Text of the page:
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Don't fall for this extremely tricky PayPal phishing scam

Don't fall for this extremely tricky PayPal phishing scam
Photo courtesy of the Consumerist

If you were one of the 128 million eBay users affected by the recent data breach, keep an eye on your inbox, because the phishing attempts have started.

The email below was shared with the Consumerist by an eBay user named Phil. He has a specific email address used only for his eBay and PayPal transactions, so he immediately recognized it as a phishing attempt.

“Phishing mails always start with a generic ‘Dear customer’ or ‘Dear Client,’ but this one not only addresses me by my full name,” he wrote to Consumerist. “It was also sent to an email address that I use EXCLUSIVELY for my Paypal account.”

Phil was on top of his game, but to the untrained eye, this attempt might be a little trickier to identify.

What other red flags do you see? Use this fake email from "Amazon" as your guide.

paypal_phishing
Photo courtesy of Consumerist.

Most phishing attempts are easy to spot because they are riddled with typos and definitely don't address you by your full name. This specific attempt is highly personalized and looks legitimate enough. However, here are some of the tell-tale signs:

  • The from address has been redacted by the Consumerist, but I'll bet that the email didn't come from PayPal but rather a random email address, similar to tkupetz@wbased.k12.pa.us as seen in the fake Amazon email linked above.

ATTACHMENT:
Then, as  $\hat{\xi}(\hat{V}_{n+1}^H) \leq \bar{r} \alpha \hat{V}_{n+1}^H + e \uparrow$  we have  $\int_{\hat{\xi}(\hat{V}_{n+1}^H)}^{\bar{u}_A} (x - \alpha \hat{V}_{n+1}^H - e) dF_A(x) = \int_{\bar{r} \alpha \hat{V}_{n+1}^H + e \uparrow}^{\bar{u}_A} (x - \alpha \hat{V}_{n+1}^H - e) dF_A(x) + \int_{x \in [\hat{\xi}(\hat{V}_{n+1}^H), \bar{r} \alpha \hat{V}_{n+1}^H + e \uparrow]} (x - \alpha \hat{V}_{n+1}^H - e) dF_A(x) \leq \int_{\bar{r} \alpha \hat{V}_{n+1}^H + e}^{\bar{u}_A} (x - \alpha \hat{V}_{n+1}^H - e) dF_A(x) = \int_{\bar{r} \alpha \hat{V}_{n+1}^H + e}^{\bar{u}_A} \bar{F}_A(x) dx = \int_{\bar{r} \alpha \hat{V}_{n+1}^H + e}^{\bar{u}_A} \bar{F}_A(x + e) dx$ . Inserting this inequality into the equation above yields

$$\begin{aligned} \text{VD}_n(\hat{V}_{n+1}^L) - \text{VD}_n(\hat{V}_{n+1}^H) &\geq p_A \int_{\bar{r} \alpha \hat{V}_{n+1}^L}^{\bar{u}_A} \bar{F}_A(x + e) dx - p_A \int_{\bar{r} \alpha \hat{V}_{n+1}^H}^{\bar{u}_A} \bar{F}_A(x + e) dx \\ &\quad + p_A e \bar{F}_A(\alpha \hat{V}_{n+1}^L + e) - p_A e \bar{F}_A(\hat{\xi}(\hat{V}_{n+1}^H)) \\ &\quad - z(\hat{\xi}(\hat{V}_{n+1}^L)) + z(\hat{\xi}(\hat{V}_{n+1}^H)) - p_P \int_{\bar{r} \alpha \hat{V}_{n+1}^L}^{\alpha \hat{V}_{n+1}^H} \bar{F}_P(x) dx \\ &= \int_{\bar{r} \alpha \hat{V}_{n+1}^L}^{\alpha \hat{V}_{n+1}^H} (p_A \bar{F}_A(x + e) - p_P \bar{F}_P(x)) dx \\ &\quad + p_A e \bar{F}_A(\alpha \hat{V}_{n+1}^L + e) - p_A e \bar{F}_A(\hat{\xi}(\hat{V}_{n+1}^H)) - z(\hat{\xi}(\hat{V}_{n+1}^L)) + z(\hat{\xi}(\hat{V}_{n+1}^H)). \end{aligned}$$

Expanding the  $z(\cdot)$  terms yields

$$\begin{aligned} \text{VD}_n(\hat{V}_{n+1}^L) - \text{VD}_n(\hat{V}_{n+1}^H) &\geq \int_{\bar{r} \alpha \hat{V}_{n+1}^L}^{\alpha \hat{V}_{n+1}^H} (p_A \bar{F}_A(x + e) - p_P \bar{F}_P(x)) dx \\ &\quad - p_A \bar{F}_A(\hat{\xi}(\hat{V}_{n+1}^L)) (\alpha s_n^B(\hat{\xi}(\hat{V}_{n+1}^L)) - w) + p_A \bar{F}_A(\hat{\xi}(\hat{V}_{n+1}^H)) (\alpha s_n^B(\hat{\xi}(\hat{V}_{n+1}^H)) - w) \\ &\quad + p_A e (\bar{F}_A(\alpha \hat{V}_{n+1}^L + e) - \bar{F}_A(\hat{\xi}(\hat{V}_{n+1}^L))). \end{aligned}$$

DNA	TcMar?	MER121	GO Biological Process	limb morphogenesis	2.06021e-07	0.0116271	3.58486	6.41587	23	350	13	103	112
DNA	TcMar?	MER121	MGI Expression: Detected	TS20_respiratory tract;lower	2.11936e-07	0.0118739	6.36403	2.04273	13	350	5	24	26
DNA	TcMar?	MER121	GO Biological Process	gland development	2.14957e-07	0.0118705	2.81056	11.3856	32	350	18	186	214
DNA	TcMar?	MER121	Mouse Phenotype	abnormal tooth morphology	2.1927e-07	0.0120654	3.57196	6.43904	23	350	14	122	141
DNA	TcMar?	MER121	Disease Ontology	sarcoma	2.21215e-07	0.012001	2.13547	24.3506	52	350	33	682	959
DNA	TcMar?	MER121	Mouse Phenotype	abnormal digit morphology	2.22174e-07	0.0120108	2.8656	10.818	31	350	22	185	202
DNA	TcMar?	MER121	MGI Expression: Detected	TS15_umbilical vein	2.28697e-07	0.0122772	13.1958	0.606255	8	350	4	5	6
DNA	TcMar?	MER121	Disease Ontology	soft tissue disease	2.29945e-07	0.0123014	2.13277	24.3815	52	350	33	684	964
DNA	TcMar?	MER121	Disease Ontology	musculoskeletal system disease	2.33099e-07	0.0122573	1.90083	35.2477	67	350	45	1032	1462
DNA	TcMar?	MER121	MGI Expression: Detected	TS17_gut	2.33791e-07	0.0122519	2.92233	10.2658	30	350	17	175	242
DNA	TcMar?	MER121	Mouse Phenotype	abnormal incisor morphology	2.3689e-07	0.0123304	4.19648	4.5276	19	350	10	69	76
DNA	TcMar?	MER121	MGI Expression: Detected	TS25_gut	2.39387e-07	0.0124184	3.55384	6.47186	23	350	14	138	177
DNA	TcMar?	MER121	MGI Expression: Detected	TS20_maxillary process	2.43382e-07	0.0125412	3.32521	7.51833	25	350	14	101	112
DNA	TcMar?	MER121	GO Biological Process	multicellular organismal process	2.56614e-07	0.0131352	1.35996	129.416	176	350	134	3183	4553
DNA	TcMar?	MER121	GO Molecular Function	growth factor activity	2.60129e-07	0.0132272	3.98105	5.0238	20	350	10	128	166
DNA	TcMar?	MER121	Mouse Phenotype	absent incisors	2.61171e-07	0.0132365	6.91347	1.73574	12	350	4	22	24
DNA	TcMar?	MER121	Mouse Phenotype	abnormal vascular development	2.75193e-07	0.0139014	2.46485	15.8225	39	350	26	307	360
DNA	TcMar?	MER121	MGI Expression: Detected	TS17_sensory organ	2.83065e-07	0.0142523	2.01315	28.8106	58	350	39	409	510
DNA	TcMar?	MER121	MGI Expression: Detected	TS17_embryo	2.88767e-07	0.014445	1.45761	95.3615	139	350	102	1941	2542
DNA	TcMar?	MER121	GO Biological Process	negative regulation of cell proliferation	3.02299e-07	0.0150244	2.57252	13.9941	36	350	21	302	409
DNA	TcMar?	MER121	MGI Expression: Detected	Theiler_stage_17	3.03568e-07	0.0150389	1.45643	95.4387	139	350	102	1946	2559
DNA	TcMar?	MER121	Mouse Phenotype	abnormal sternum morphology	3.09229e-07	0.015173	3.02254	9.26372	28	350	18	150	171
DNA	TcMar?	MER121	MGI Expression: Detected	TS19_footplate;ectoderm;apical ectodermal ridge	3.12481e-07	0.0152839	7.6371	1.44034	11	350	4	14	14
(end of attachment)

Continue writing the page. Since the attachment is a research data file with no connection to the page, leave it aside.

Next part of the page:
• At the bottom in the "What's next?" subheading, the hours to call customer service is a little bit off. Normally, businesses use the standard "4 a.m. to 10 p.m. Pacific" - not Pacific Time.  There's also a missing comma in that paragraph between Time and Monday.
  • The in-body links. No company talking about a security problem would include a link in an email. Instead, it would tell you to visit the PayPal site and log in to your account. Then it would include instructions on where to go to fix the problem. That's it.

If you see an email like this pop up in your inbox, be sure to forward it along to the real people at eBay and PayPal by sending an email to spoof@paypal.com or spoof@ebay.com

Thanks to the eBay data breach, I think we will be seeing a lot more of phishing scams in the near future. Learn more about how phishing scams work, and why this isn't the only email you should worry about.

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Source: Consumerist
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